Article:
was represented by Mr Alex Mombesasa of Kantor and Immerman, the State

On December 31, it is alleged, at around 1 pm Mahata appeared in court
represented by Manase and Mr Mombesasa for a bail application. In an
application for the bail, the State alleges that they misrepresented to the
court that they had liaised with the investigating officer in the case,
Assistant Inspector Ambrose Mandovha, and that he had consented to bail.

According to the State, this was false as Asst Insp Mandovha had not
consented to bail. As a result of the alleged misrepresentation, Mahata, who
the police had difficulties in arresting, was released on $6 million bail
coupled with stringent reporting conditions. The State alleges that it was
not in the interest of justice that he was granted bail.

In making the misrepresentation, the lawyers were aware that their conduct
might defeat or obstruct the administration of justice, the State alleges.

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Ghana Home Page

Why Are We Where We Are?
It is a face-glaring fact that we have not developed at a fast pace as we
should. Given our immense endowment of human, natural, agricultural and
mineral resources Africa and Africans are still wallowing in abject poverty.
We still live in squalid conditions of hunger and desperation. This is not
the result of our stupidity or lack of intelligence.

Individual persons of African descent are able to master every complex
concept and excel when given the opportunity in different environments. Why
could we not display such excellence in our own environment?

The structure and the institutions of governance and modern states are alien
to us. We did not have the time to internalize the art of modern state-hood
at the time independence was granted. We lacked and still lack the
traditions and ethos of nation-hood. These traditions and ethos evolve with
time. These structures were never tried nor tested. Though our founding
fathers would like us to believe that we were ready for independence, an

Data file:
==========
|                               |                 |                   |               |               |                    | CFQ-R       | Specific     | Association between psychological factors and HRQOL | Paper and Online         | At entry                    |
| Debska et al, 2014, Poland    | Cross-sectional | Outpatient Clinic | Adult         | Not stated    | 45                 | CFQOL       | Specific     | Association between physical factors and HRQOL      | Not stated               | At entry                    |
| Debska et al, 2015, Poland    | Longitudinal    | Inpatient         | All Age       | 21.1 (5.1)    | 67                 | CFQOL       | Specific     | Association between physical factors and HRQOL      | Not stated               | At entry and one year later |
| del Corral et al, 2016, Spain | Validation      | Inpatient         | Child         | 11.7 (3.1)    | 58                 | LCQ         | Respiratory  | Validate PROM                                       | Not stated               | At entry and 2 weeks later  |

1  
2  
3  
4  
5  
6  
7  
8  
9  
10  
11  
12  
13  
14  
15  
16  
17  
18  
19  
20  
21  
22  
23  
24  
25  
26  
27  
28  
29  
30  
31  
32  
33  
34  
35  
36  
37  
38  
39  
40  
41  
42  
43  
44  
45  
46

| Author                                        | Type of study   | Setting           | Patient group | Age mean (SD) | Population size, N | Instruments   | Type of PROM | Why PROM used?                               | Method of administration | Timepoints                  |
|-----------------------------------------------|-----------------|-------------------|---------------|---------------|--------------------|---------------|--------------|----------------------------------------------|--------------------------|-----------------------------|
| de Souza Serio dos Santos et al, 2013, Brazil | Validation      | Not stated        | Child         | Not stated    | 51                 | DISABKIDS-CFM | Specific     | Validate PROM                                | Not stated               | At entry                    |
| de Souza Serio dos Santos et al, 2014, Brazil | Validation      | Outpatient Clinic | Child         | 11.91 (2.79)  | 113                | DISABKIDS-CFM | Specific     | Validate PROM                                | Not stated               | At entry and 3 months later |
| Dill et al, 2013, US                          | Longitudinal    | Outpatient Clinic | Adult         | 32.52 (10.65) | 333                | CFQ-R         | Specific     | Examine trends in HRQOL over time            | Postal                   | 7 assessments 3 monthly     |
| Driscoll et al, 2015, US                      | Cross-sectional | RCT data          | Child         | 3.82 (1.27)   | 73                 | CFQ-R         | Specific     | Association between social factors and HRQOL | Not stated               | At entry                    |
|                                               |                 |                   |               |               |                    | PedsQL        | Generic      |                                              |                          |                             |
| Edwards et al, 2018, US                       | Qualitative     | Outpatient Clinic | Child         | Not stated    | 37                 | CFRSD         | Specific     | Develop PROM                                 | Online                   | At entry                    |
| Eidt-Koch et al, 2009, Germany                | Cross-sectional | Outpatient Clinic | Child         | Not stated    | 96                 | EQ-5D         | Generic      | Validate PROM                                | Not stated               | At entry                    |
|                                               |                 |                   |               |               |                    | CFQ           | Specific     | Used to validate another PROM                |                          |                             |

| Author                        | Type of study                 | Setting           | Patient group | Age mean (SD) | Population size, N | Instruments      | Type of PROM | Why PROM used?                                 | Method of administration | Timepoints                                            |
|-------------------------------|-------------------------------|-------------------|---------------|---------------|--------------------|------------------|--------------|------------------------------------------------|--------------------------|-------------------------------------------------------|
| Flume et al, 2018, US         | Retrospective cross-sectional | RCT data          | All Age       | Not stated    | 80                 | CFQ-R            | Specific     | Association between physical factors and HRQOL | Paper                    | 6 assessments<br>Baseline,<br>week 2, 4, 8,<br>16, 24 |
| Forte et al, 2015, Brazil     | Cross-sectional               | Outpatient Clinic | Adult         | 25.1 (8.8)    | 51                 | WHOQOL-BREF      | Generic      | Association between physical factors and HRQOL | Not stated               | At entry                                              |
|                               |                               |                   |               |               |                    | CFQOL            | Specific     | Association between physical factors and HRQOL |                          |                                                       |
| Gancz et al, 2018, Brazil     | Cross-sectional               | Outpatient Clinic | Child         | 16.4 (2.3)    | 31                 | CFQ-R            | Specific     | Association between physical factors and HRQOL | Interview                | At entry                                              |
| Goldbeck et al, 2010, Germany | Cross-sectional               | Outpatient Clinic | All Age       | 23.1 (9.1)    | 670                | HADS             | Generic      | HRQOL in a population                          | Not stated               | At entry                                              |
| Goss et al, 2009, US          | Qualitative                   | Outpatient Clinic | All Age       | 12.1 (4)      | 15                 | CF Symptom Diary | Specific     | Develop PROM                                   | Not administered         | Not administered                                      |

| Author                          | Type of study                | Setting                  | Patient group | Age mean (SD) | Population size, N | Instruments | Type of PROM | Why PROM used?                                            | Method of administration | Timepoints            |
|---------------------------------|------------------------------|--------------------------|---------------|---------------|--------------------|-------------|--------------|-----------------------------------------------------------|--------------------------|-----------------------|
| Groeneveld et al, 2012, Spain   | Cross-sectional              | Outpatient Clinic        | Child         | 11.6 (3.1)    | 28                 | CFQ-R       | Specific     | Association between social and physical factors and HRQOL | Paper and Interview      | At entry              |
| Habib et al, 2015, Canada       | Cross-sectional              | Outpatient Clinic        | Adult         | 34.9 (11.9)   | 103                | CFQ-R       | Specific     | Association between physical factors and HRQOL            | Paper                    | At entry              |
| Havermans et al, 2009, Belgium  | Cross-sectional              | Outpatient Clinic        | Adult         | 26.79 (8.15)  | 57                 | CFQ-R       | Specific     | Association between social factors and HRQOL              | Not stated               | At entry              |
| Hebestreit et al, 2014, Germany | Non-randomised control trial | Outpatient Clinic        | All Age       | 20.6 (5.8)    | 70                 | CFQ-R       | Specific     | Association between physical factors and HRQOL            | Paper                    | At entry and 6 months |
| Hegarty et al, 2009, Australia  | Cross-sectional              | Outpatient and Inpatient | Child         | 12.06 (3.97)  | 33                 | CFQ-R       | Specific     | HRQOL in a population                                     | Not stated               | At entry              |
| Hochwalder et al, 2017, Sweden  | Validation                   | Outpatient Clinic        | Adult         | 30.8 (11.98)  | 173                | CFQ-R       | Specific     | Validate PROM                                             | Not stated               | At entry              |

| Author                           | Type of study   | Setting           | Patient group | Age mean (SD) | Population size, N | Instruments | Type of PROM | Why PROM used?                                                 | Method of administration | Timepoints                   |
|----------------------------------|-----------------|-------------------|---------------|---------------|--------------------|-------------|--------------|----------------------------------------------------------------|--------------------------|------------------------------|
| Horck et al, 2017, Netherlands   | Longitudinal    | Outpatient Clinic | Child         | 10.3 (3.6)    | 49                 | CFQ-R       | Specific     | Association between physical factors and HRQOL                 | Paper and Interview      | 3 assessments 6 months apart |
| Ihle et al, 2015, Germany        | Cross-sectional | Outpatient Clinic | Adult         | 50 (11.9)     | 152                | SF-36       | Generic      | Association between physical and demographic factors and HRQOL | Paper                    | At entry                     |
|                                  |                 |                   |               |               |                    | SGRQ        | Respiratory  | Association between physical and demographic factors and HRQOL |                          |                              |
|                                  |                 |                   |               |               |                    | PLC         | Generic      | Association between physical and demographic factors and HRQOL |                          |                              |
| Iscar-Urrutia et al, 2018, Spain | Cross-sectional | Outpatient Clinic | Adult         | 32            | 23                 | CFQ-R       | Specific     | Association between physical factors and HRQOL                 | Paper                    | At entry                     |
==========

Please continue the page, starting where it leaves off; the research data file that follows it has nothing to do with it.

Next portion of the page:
objective analysis reveals that we were not. Yet we admire them for fighting
for independence for the white man would not have surrendered power at his
own volition. Like soldiers however, because we were ill-trained for
independence, we are in danger to ourselves and our comrades or in this
metaphor, to our citizens and neighbors.

We are not poor intellectually. Africans and Ghanaians when given the right
system function creditably anywhere. The classic examples of Kofi Annan and
Dr. Ashitey Trebi-Ollenu (of NASA) are adequate proofs. Besides Kofi Annan
Ghanaian trained medical practitioners, nurses, accountants and a host of
others with critical skills are selling their skills the world over. It is
simple because the system in which they are employed outside Ghana works.
Individual Ghanaians are like skillful and talented soccer players with a
lot of potential. Because well managed football teams do not exist, let
alone proper national soccer leagues, they display their skills elsewhere.
What Ghana needs are the teams and the professionally managed leagues, the
players would come home. In Ghana now a citizen can obtain a driving license
without stepping in any motor vehicle department. It takes for ever to
register a land. These occur because there are no operative systems in

Even when the system exists, it is regularly subverted because of
corruption. Here in the USA one can obtain a passport by picking an
application form from a post office, mail the filled form with the
prerequisite documents to the nearest passport office. Bingo the passport is
received in the mail. This is because there is system that works and
officials are accountable for delays.

We need to acknowledge that the systems as they exist in our respective
countries are not working. This is not a poor reflection on our abilities.
It took the British many years (since 1215) to establish parliamentary
democracy. As intelligent as we are, it would take us more than 50 years to
internalize such practices. Even Haiti which has been independent for more
than 200 years has not tried and tested good governance. Same can be said
about Liberia, Ghana and Zimbabwe. But when Haitians arrive in the USA, with
little command of the English Language, they not only survive, but triumph
as well because the system works in the USA. Time per se is not the most
critical variable, the willingness and commitment of our political leaders
and elites is more critical. If time alone is so critical, Haiti would have
been more stable than Botswana or Liberia more developed than Zimbabwe.

It is not time to change the past. We in Ghana at least are on the right
course. We need to establish systems that would stand the test of time so
that a typical Ghanaian can perform in Ghana as he does in Australia or
Japan. The NPP Administration under President Kufour has introduced a
feature to Ghanaian political landscape. This is the so-called Peoples
Assembly. This concept and idea needs to be nurtured and expanded. District
and Metropolitan, Township and Village Assemblies, Traditional Councils and
Regional House of Chiefs should all open their gates and encourage ordinary
citizens to observe and ask questions. Such a feature could be Ghana’s
answer to the weekly Question Time of the British Prime Minister in
Parliament. I live in a small town in New Jersey. I have attended council
meetings on numerous occasions when council members listen to the pros and
cons of allowing certain businesses to establish in the town. The views of
affected property owners are actively solicited before the Council takes a

We are not lazy. Neither are we stupid. It is our system and character that
are stupid.